~written by Keigo Higashino
~translated by Kerim Yasar
1999 Mystery Writers of Japan Award
In 1998, Keigo Higashino wrote Himitsu, or The Secret. The novel won him the 1999 Mystery Writers of Japan Award. In 2004, the English translation by Kerim Yasar was published by Vertical under the title Naoko, making it the first major work by Higashino to be made available in English. Relatively recently, I read an thoroughly enjoyed one of his other award-winning novels, The Devotion of Suspect X. In fact, I enjoyed it so much that I knew I wanted to read more of Higashino’s work. There is a reason that he is so well loved as an author in Japan—his stories are not only entertaining, but have some depth to them as well. Since only two of Higashino’s works are currently available in English, obviously Naoko would be the next one for me to read. I truly hope more of his works are translated because I still haven’t gotten my fill of Higashino.
Since he regularly works night shifts at the factory, Heisuke Sugita doesn’t always get to spend as much time with his wife Naoko and their eleven-year-old daughter Monami as he would like but they make a happy family. And then tragedy strikes. While Heisuke stayed home to work, the bus in which Naoko and Monami were travelling to visit relatives was driven off a cliff. Naoko’s body dies, but somehow her personality lives on in the body of Monami and Monami's mind no longer seems to exist. Heisuke and Naoko begin a strange new life together, keeping the personality switch a secret from everyone else. Naoko takes the opportunity to relive her life for and as Monami, making up for past regrets. Heisuke, on the other hand, is more conflicted; Naoko is now in some way both his wife and his daughter. People believe he is grieving over the death of Naoko, but really his loss is much more complicated than that.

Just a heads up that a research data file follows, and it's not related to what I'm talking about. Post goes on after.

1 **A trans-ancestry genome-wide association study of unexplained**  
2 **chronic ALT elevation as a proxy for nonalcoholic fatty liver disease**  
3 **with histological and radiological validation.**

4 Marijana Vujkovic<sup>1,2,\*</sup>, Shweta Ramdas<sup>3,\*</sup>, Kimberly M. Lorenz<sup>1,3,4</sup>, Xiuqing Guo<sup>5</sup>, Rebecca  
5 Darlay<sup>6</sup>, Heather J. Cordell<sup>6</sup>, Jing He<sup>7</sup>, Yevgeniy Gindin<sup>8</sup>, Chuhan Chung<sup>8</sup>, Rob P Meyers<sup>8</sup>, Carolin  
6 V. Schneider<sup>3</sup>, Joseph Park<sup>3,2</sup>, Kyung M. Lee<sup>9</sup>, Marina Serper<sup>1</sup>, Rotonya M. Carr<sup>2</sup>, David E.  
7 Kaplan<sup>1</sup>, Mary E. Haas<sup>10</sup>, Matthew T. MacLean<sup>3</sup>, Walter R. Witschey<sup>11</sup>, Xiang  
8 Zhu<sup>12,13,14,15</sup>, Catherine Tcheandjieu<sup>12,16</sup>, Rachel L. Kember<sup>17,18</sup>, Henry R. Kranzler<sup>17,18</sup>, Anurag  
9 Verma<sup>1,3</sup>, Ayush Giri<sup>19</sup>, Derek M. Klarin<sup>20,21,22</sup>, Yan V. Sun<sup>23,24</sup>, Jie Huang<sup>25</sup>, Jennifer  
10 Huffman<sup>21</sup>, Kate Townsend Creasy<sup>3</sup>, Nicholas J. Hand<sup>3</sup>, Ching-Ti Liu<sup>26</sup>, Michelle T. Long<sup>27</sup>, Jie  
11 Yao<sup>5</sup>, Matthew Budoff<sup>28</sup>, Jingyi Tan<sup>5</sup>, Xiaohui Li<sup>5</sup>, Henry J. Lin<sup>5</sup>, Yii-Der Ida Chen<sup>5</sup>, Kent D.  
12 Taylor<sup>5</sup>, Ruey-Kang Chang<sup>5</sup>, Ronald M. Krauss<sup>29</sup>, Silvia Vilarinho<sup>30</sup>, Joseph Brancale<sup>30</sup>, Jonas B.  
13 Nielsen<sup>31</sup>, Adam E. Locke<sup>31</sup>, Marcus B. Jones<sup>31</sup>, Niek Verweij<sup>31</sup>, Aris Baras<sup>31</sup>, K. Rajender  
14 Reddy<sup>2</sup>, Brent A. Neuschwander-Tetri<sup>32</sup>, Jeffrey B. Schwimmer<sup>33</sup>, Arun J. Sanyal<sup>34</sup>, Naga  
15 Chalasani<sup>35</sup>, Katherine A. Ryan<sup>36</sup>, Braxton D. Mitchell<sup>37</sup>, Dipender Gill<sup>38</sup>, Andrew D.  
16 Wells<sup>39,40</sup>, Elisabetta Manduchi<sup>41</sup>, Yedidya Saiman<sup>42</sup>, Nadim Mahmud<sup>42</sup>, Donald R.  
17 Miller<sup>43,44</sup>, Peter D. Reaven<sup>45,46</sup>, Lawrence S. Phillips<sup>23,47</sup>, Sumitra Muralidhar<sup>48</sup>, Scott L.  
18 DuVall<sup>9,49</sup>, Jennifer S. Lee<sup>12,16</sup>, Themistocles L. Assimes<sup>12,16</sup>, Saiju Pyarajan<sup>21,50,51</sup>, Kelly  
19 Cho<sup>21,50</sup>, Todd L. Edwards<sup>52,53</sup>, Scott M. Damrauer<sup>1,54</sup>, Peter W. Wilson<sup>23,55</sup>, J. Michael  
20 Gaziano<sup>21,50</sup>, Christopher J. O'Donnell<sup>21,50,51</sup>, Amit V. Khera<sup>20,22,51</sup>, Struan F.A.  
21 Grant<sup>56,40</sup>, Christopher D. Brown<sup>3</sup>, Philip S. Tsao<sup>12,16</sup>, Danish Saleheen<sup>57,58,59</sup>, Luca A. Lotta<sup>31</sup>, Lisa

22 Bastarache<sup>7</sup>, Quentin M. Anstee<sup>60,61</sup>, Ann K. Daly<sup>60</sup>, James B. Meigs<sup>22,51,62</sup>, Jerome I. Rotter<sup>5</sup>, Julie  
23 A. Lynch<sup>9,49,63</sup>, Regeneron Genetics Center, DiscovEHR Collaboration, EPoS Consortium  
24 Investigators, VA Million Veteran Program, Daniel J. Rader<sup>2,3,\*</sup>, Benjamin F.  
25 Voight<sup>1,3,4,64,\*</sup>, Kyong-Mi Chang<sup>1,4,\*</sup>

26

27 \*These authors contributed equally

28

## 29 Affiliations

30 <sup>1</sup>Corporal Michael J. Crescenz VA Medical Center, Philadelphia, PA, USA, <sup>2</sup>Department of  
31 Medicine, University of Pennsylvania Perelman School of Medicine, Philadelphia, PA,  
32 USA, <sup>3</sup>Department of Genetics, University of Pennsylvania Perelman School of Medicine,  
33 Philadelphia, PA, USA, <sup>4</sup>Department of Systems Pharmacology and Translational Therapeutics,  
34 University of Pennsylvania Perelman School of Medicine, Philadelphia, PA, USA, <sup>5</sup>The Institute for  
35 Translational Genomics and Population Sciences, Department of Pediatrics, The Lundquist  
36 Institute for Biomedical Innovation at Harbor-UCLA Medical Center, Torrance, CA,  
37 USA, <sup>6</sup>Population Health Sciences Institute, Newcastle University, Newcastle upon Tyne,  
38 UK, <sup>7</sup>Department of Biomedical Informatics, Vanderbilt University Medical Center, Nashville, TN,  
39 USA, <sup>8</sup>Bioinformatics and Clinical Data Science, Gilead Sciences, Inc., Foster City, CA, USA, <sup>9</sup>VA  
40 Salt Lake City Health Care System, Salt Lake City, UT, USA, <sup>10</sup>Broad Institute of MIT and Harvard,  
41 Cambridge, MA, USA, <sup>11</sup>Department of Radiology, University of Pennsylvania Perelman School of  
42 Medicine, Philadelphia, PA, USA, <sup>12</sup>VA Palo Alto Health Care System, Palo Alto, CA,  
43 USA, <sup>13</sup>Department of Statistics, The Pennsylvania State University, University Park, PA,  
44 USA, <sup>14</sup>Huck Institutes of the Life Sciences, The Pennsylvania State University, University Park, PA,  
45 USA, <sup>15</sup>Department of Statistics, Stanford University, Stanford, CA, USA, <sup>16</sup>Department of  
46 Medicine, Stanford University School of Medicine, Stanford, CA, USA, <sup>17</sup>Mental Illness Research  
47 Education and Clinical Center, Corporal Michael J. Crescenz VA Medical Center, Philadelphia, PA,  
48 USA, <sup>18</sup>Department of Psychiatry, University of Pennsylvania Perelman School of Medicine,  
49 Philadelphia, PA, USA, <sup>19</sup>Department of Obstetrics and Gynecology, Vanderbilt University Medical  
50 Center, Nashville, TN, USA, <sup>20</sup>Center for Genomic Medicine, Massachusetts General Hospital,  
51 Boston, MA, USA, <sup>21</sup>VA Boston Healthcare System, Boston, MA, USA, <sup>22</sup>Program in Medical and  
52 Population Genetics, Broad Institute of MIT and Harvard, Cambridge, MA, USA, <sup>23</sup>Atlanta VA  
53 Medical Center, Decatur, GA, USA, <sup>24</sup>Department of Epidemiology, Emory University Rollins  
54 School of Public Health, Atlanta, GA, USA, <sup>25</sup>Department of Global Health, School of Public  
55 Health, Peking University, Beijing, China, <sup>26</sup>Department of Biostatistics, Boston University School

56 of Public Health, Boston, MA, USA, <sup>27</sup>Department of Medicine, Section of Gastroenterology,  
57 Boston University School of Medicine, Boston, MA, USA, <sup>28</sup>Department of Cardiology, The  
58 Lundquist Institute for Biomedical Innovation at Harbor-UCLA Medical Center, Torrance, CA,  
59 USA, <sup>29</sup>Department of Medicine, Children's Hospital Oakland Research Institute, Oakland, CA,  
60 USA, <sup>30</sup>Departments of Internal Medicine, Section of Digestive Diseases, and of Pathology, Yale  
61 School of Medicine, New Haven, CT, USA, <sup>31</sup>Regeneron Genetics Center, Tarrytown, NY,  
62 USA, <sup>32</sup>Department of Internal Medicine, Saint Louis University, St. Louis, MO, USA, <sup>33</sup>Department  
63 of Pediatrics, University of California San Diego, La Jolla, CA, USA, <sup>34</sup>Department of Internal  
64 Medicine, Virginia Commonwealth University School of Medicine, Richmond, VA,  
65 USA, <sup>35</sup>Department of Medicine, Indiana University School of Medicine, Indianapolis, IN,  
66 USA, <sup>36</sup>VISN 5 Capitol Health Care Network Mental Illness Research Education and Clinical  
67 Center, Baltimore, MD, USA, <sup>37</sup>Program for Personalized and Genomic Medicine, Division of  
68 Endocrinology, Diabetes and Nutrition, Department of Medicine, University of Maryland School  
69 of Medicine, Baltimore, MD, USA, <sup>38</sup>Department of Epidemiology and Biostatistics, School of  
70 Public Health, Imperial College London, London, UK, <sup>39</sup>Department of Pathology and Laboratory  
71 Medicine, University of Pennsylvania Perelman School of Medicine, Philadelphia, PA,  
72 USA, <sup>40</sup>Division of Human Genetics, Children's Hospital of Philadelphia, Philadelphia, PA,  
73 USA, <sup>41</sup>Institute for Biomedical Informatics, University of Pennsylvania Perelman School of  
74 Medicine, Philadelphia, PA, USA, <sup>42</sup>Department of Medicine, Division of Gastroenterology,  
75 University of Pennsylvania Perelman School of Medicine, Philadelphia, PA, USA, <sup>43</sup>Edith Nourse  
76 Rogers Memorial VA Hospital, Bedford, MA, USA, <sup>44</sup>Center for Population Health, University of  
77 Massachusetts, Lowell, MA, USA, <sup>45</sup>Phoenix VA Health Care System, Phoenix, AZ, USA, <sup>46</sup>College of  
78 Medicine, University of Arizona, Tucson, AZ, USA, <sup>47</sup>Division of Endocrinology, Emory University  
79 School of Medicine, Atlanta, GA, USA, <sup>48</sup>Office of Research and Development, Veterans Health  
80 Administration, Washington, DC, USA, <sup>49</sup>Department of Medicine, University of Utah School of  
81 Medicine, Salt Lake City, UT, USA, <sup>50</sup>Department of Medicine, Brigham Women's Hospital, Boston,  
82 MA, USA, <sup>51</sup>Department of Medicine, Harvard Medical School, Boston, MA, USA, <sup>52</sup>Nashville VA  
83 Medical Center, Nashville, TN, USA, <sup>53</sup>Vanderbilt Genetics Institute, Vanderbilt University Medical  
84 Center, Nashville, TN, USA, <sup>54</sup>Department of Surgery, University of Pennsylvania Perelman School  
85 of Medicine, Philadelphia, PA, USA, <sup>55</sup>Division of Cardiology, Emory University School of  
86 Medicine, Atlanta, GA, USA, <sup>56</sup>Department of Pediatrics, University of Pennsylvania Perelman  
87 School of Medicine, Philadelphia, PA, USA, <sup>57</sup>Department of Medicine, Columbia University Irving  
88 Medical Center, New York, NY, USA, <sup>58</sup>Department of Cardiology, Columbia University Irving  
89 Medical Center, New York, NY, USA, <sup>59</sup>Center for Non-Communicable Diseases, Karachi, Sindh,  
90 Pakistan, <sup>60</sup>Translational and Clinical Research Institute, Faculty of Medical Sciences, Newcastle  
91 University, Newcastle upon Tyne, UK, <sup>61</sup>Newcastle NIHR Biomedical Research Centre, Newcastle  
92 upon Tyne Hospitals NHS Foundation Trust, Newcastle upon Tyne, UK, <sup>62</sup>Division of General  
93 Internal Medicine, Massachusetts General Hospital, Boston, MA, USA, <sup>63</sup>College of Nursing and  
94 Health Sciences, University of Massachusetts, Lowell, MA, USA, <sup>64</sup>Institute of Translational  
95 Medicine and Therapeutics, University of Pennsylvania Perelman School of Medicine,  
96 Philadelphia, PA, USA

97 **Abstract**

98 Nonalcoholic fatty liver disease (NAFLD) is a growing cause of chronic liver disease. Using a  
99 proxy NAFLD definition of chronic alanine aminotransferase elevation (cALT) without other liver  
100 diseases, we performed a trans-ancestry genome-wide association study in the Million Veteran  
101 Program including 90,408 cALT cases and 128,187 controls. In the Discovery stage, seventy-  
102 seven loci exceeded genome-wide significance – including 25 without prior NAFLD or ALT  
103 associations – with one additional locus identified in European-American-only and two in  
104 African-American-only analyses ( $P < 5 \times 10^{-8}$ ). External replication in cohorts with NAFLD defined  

I actually think I liked Naoko even better than I did The Devotion of Suspect X. Part of this is due to the fact that, unlike in The Devotion of Suspect X, the reader has the opportunity to really get to know the heart and mind of one of the characters. In this case, since the novel is told completely from his perspective, it is Heisuke Sugita, a very normal and potentially boring husband and father. However, he finds himself in some extraordinary and unusual circumstances with little guidance on how to deal with them. It is fascinating to watch this admittedly average guy work through things to the best of his ability and see how the odd situation changes him over time. Heisuke is not perfect, in fact he can be an utter asshole at times, but when it gets right down to it, he’s a good person. He doesn’t handle everything well by any means, but that’s what makes him feel real as a character. The situation he finds himself in is certainly strange and bizarre but his characterization is so strong, I can’t imagine him behaving any differently.
The back cover describes Naoko as “black comedy.” While the setup does cause some humorous and amusing encounters, I had a hard time approaching the novel as a comedy. Instead, it felt to me more like a meditation on love, loss, longing, and letting go. Higashino is often considered to be primarily a mystery author, winning many awards in the genre in addition to the one he received for Naoko. However, Naoko is different from the sort of mystery novels most typically seen in the United States--at least in my experience. Heisuke isn’t some brilliant investigator (Higashino even calls him "altogether lame" in an interview); he’s just a normal person who wants to figure out what’s going on and why. Eventually, he must learn to accept his circumstances. There is both humor and mystery in Naoko, but first and foremost it is simply a well told and engaging story. At times tragic and heartbreaking, it is a very satisfying novel and I’m very glad to have read it.